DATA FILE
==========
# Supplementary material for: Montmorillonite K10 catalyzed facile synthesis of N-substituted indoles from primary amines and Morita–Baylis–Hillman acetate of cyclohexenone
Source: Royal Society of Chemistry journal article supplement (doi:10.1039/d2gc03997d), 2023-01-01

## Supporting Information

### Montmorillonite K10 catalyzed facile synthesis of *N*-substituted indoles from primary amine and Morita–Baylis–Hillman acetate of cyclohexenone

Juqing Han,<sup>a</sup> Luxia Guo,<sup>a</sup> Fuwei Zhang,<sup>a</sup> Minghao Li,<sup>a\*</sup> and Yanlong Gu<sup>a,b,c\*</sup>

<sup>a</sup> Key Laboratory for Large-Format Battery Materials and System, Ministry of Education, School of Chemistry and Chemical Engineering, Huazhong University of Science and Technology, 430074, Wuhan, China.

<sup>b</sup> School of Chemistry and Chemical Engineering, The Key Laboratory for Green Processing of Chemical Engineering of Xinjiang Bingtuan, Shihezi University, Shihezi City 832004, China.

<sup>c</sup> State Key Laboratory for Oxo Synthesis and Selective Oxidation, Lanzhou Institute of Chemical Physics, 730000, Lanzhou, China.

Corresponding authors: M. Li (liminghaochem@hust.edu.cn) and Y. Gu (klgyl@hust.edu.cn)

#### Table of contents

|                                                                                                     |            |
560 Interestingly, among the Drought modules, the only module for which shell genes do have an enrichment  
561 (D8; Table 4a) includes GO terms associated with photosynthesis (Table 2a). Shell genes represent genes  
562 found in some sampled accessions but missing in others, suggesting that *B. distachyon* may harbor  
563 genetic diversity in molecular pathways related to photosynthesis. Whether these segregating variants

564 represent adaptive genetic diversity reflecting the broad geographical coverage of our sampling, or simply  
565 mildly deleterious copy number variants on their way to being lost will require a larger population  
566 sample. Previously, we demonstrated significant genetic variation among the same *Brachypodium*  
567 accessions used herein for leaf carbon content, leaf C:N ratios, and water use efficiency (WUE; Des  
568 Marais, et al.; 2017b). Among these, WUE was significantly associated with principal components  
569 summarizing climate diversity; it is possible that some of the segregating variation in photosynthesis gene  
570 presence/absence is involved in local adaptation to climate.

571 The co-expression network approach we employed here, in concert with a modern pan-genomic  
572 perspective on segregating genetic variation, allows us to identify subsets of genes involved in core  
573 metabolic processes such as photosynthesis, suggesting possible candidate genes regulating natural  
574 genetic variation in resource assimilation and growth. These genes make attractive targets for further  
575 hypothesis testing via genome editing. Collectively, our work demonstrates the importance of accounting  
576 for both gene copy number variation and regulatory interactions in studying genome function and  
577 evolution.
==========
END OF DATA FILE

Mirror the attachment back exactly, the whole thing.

# Supplementary material for: Montmorillonite K10 catalyzed facile synthesis of N-substituted indoles from primary amines and Morita–Baylis–Hillman acetate of cyclohexenone
Source: Royal Society of Chemistry journal article supplement (doi:10.1039/d2gc03997d), 2023-01-01

## Supporting Information

### Montmorillonite K10 catalyzed facile synthesis of *N*-substituted indoles from primary amine and Morita–Baylis–Hillman acetate of cyclohexenone

Juqing Han,<sup>a</sup> Luxia Guo,<sup>a</sup> Fuwei Zhang,<sup>a</sup> Minghao Li,<sup>a\*</sup> and Yanlong Gu<sup>a,b,c\*</sup>

<sup>a</sup> Key Laboratory for Large-Format Battery Materials and System, Ministry of Education, School of Chemistry and Chemical Engineering, Huazhong University of Science and Technology, 430074, Wuhan, China.

<sup>b</sup> School of Chemistry and Chemical Engineering, The Key Laboratory for Green Processing of Chemical Engineering of Xinjiang Bingtuan, Shihezi University, Shihezi City 832004, China.

<sup>c</sup> State Key Laboratory for Oxo Synthesis and Selective Oxidation, Lanzhou Institute of Chemical Physics, 730000, Lanzhou, China.

Corresponding authors: M. Li (liminghaochem@hust.edu.cn) and Y. Gu (klgyl@hust.edu.cn)

#### Table of contents

|                                                                                                     |            |
560 Interestingly, among the Drought modules, the only module for which shell genes do have an enrichment  
561 (D8; Table 4a) includes GO terms associated with photosynthesis (Table 2a). Shell genes represent genes  
562 found in some sampled accessions but missing in others, suggesting that *B. distachyon* may harbor  
563 genetic diversity in molecular pathways related to photosynthesis. Whether these segregating variants

564 represent adaptive genetic diversity reflecting the broad geographical coverage of our sampling, or simply  
565 mildly deleterious copy number variants on their way to being lost will require a larger population  
566 sample. Previously, we demonstrated significant genetic variation among the same *Brachypodium*  
567 accessions used herein for leaf carbon content, leaf C:N ratios, and water use efficiency (WUE; Des  
568 Marais, et al.; 2017b). Among these, WUE was significantly associated with principal components  
569 summarizing climate diversity; it is possible that some of the segregating variation in photosynthesis gene  
570 presence/absence is involved in local adaptation to climate.

571 The co-expression network approach we employed here, in concert with a modern pan-genomic  
572 perspective on segregating genetic variation, allows us to identify subsets of genes involved in core  
573 metabolic processes such as photosynthesis, suggesting possible candidate genes regulating natural  
574 genetic variation in resource assimilation and growth. These genes make attractive targets for further  
575 hypothesis testing via genome editing. Collectively, our work demonstrates the importance of accounting  
576 for both gene copy number variation and regulatory interactions in studying genome function and  
577 evolution.